Fact: cardiovascular exercise is integral to staying in-shape and healthy.  We all know this.  Whether it’s your doctor harping on the subject or just that reflection in the mirror serving as a constant reminder, without a steady regiment of cardio, our bodies just grow rounder and each flight of stairs gets tougher to scale.  Keeping a steady workout routine is tough, especially when work, school, recreation, and entertainment get thrown into the mix.

Struggling to put down that cheeseburger?  You’re in good company.  According to the Centers for Disease Control and Prevention, the obesity rate in America has seen a dramatic increase over the last twenty years.  Furthermore, it has more than doubled in the last 30 years!

No matter which group you belong to; those who eat, breathe, and sleep at the gym or those who just eat; we all think of exercise in the same terms: work out, stay healthy, look good, be confident.  Even recent research on cardiovascular exercise continues to reiterate these points.  Now, there’s a new reason to get on board with exercise:  According to a 2006 study at the University of Illinois – Urbana, cardiovascular aerobic exercise helps keep your brain healthy as you age, too.  Add that to the list of reasons to start a running regiment tomorrow.

In the study, researchers looked at the brain activity of fifty-nine adults aged 60-79 via MRI scans over the course of six months; with half the group participating in regular aerobic exercise and the other half not.  To their surprise, the group that participated in a regular aerobic routine had a significant increase in brain volume in only those six months!  Although this study concentrated on older adults, the message is clear: there is a direct connection between a cardiovascular workout and the health of your brain.

“Our results suggest that brain volume loss is not an inevitable effect of advancing age and that relatively minor interventions can go a long way in offsetting and minimizing brain volume loss.”

In an earlier study, researchers had found that the brains of adults active in cardiovascular exercise throughout their lives were better preserved than the brains of those who did not.  Although this fact may no longer seem significant given the newer research above, it’s important to know that the benefits associated with sudden increases in brain volume are still unknown.  So, in essence, it’s still better to start exercising early in life, ensuring you keep the brains you already have.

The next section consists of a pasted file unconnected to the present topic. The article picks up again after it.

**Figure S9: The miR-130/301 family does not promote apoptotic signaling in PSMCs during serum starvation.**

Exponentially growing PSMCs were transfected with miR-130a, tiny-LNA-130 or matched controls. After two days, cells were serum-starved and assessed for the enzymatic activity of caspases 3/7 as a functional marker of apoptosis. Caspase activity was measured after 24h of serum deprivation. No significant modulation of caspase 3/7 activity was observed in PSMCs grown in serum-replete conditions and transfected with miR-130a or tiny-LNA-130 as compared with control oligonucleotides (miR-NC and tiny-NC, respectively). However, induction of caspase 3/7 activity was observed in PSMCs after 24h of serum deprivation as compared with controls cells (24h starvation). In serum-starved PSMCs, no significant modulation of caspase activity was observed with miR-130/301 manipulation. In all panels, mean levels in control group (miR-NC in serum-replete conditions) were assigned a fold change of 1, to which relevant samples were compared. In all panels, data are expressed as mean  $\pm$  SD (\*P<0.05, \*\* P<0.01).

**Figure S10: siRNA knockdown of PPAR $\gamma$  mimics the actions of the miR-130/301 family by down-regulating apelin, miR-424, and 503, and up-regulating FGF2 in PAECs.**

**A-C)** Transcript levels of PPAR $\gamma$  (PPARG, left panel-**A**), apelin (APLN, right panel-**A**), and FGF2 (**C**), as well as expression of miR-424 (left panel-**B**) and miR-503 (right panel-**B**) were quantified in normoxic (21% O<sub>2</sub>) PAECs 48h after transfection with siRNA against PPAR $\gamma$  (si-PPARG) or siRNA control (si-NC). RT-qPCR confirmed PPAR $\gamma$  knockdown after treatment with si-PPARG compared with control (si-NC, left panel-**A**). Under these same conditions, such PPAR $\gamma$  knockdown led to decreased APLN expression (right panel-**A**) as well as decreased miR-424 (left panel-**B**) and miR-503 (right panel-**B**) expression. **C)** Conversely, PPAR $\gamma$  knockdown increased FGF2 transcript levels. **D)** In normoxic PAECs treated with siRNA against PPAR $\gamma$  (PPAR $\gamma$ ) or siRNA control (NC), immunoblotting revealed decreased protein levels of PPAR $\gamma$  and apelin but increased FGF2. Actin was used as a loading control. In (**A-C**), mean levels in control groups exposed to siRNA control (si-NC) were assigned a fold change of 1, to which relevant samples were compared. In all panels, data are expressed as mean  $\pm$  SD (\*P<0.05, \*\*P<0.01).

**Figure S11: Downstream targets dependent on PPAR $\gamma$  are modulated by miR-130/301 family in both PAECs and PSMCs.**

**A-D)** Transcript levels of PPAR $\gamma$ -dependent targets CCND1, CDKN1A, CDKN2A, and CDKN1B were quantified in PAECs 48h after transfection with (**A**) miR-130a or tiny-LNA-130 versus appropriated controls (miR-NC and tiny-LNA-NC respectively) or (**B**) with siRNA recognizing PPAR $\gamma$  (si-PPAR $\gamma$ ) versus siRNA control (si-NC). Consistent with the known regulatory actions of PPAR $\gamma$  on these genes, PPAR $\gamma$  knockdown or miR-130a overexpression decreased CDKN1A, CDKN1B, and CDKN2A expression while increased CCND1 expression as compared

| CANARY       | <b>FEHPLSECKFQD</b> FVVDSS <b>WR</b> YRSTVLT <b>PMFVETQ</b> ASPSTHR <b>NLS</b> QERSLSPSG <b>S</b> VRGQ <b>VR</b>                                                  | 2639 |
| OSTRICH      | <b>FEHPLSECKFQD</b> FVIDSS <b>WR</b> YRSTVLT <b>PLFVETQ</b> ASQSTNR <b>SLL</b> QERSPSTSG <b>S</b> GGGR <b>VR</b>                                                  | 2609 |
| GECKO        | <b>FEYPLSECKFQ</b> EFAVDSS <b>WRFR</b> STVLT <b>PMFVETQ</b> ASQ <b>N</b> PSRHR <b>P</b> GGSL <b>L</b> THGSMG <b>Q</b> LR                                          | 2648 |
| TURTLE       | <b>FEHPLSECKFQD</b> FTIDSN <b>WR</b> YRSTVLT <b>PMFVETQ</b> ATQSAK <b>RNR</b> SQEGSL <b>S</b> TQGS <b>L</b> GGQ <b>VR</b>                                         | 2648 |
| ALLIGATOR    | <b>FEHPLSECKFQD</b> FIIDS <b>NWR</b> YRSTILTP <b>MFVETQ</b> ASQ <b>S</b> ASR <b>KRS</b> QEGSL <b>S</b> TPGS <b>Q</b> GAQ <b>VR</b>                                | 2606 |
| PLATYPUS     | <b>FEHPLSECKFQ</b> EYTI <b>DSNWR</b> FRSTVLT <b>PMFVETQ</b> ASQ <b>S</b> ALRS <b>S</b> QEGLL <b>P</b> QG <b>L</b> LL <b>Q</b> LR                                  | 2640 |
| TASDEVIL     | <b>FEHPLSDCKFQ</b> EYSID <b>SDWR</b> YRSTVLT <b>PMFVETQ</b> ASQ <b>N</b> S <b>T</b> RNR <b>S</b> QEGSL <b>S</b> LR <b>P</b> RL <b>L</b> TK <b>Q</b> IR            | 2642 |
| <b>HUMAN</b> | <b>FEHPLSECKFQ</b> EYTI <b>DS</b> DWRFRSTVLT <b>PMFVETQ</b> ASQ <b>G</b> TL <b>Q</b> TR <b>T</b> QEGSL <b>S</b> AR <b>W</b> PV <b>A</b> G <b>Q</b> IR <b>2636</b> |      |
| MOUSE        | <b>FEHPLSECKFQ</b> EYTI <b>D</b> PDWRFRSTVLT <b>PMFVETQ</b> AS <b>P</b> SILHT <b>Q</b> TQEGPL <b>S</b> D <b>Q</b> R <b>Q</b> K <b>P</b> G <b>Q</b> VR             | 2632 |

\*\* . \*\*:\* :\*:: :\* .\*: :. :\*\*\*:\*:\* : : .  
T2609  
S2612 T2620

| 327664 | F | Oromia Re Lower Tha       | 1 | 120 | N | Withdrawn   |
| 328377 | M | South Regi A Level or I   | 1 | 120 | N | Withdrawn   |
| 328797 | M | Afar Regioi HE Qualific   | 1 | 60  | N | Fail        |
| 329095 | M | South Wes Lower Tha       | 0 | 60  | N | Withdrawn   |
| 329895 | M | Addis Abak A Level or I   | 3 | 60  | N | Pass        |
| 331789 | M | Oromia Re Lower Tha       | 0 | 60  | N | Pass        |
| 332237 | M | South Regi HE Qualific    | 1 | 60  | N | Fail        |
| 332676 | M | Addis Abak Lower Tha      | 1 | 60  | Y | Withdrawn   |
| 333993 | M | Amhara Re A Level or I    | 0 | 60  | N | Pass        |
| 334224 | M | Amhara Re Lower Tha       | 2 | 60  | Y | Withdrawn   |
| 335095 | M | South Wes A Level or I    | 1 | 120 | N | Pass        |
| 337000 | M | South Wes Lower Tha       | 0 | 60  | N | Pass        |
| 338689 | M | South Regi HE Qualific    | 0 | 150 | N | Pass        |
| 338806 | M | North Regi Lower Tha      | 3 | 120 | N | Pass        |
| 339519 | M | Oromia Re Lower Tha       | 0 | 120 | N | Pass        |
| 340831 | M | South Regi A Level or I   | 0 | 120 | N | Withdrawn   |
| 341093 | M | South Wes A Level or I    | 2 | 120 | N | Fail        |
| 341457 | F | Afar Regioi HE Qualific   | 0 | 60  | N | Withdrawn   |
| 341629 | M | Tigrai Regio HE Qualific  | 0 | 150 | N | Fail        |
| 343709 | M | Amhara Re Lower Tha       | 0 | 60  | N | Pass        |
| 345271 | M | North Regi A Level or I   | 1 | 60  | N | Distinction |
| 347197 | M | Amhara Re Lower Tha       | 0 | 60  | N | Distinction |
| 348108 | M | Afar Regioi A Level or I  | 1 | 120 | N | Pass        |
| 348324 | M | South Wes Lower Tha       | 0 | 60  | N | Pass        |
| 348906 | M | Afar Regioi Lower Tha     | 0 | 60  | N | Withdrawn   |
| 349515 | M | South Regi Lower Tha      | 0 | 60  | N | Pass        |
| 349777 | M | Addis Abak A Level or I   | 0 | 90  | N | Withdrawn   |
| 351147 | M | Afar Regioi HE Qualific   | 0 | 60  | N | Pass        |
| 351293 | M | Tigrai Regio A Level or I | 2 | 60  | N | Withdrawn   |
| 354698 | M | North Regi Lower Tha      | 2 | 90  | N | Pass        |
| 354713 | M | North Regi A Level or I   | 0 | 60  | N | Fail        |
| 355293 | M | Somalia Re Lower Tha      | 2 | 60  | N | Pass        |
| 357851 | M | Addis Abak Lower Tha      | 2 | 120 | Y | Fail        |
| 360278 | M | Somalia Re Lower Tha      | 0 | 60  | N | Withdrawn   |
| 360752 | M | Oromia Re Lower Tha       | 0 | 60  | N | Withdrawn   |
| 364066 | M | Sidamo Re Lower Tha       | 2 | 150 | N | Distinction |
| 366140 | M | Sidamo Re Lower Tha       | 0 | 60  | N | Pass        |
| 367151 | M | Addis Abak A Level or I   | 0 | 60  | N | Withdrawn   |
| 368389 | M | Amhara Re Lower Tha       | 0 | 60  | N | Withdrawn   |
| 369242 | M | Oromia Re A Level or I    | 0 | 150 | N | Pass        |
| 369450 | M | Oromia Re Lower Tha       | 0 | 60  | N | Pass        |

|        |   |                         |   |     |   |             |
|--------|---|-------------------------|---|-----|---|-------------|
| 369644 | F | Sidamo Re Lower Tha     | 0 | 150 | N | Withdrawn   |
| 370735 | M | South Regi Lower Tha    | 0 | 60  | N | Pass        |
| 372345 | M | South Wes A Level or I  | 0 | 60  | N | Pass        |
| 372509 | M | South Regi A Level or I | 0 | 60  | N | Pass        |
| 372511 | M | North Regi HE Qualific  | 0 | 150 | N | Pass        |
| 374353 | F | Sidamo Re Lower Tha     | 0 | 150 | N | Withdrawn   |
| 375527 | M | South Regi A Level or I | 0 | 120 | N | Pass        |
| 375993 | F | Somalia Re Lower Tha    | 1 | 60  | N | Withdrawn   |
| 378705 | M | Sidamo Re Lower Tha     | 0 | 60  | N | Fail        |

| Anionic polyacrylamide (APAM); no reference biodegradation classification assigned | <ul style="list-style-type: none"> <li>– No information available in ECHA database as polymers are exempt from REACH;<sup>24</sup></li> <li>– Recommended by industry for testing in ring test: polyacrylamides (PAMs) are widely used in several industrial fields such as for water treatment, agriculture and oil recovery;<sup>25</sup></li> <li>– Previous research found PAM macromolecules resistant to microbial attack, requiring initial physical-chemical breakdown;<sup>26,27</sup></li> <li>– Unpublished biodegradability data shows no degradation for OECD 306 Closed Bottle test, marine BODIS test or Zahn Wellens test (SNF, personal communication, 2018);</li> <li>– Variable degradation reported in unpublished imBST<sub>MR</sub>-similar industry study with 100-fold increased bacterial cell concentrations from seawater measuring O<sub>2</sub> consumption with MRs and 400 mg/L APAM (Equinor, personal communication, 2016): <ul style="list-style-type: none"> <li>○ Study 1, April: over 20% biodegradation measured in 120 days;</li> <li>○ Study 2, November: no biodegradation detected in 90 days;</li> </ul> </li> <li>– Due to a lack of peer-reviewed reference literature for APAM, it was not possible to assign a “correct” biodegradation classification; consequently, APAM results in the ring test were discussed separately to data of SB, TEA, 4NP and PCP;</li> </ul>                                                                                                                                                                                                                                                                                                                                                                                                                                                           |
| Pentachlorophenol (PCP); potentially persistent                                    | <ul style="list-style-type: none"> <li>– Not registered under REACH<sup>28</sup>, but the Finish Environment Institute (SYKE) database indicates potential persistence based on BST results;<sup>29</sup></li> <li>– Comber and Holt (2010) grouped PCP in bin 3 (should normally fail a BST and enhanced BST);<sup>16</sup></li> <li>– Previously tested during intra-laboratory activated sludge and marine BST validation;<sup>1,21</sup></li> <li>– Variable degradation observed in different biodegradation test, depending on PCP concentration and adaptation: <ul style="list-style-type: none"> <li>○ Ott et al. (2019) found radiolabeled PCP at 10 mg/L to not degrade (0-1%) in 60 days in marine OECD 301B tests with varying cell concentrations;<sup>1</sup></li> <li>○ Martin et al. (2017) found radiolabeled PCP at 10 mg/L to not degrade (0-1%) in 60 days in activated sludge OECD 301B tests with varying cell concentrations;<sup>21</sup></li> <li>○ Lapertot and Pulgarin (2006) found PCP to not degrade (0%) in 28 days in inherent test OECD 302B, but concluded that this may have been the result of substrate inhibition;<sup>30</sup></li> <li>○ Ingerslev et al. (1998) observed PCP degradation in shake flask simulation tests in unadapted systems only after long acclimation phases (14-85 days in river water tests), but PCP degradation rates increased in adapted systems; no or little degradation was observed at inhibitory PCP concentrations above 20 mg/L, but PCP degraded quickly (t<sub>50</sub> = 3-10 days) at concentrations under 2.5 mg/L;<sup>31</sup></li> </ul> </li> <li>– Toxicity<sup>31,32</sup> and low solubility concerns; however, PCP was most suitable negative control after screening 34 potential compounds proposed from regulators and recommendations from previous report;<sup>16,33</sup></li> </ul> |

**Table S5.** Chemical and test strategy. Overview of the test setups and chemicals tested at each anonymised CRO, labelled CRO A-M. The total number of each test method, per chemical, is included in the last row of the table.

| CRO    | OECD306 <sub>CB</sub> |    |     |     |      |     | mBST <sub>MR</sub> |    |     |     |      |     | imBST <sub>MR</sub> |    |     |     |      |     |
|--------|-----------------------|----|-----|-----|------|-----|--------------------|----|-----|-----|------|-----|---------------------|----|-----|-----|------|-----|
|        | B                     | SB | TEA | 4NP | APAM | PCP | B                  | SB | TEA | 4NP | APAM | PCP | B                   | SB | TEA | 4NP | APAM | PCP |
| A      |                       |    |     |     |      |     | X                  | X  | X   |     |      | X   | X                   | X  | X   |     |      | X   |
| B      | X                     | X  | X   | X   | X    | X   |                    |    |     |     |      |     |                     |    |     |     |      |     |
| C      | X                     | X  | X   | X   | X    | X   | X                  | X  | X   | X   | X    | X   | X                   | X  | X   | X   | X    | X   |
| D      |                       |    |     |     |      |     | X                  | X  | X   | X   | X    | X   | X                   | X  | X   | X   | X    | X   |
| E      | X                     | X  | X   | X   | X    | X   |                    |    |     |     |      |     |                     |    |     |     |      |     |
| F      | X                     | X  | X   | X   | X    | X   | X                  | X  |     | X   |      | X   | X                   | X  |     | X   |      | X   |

Loss in brain volume as you age is associated with many common disorders such as schizophrenia, Alzheimer’s, dementia, long-term memory loss, and decrease in general intelligence and cognitive ability; all symptoms I’d prefer to do without.

In the end, your doctor and your reflection’s nagging urge to get rid of those few extra pounds have been correct; you’re better off making time for that workout in your daily schedule.  Except now, it’s your brain urging you to workout and save the gray matter in addition to your butt telling you to lose the “gravy matter.”  Bikini season may be over, but there’s never a season for muffin top.  Use whatever reasoning gets your ass in the gym.

“Aerobic Exercise Training Increases Brain Volume In Aging Humans”
by: Stanley J. Colcombe, Kirk I. Erickson, Paige E. Scalf, Jenny S. Kim, Ruchika Prakash, Edward McAuley, Steriani Elavsky, David X. Marquez, Liang Hu, and Arthur F. Kramer.
Beckman Institute & Department of Psychology and Department of Kinesiology
University of Illinois, Urbana.
Journal of Gerontology: MEDICAL SCIENCES
2006, Vol. 61A, No. 11, 1166–1170

“Aerobic Fitness Reduces Brain Tissue Loss in Aging Humans”
by: Stanley J. Colcombe, Kirk I. Erickson, Naftali Raz, Andrew G. Webb, Neal J. Cohen, Edward McAuley, and Arthur F. Kramer
Beckman Institute – University of Illinois, Urbana
Institute of Gerontology, Wayne State University, Detroit, Michigan
Journal of Gerontology: MEDICAL SCIENCES
2003, Vol. 58A, No. 2, 176–180

Not Your Granny’s Apple

by Lizzy Sebuck

As the temperature drops and the leaves begin to change color, it’s time to put away that pitcher of lemonade or that mango concoction you came up with over the summer and embrace the fruits of the season.  Fall is the season for pumpkins, candy corn, and taffy, but nothing beats the apple explosion.  Let me be blunt: apples are the shit.  Off of the top of my head I can think of at least three reasons why: apples make delicious pies, they are the reason we have apple pie flavored shots, you can eat apples after you scrape out all the resin (don’t act like that doesn’t bring back your college days); all-in-all, apples rule.  We’ve learned that the scent of apples can help reduce the intensity of a migraine and this week it’s our mission to fill you in on some information about apples that everyone can use. Let’s explore some other ways apples can heighten your other senses, such as sight and sound, or hinder all of your senses through taste.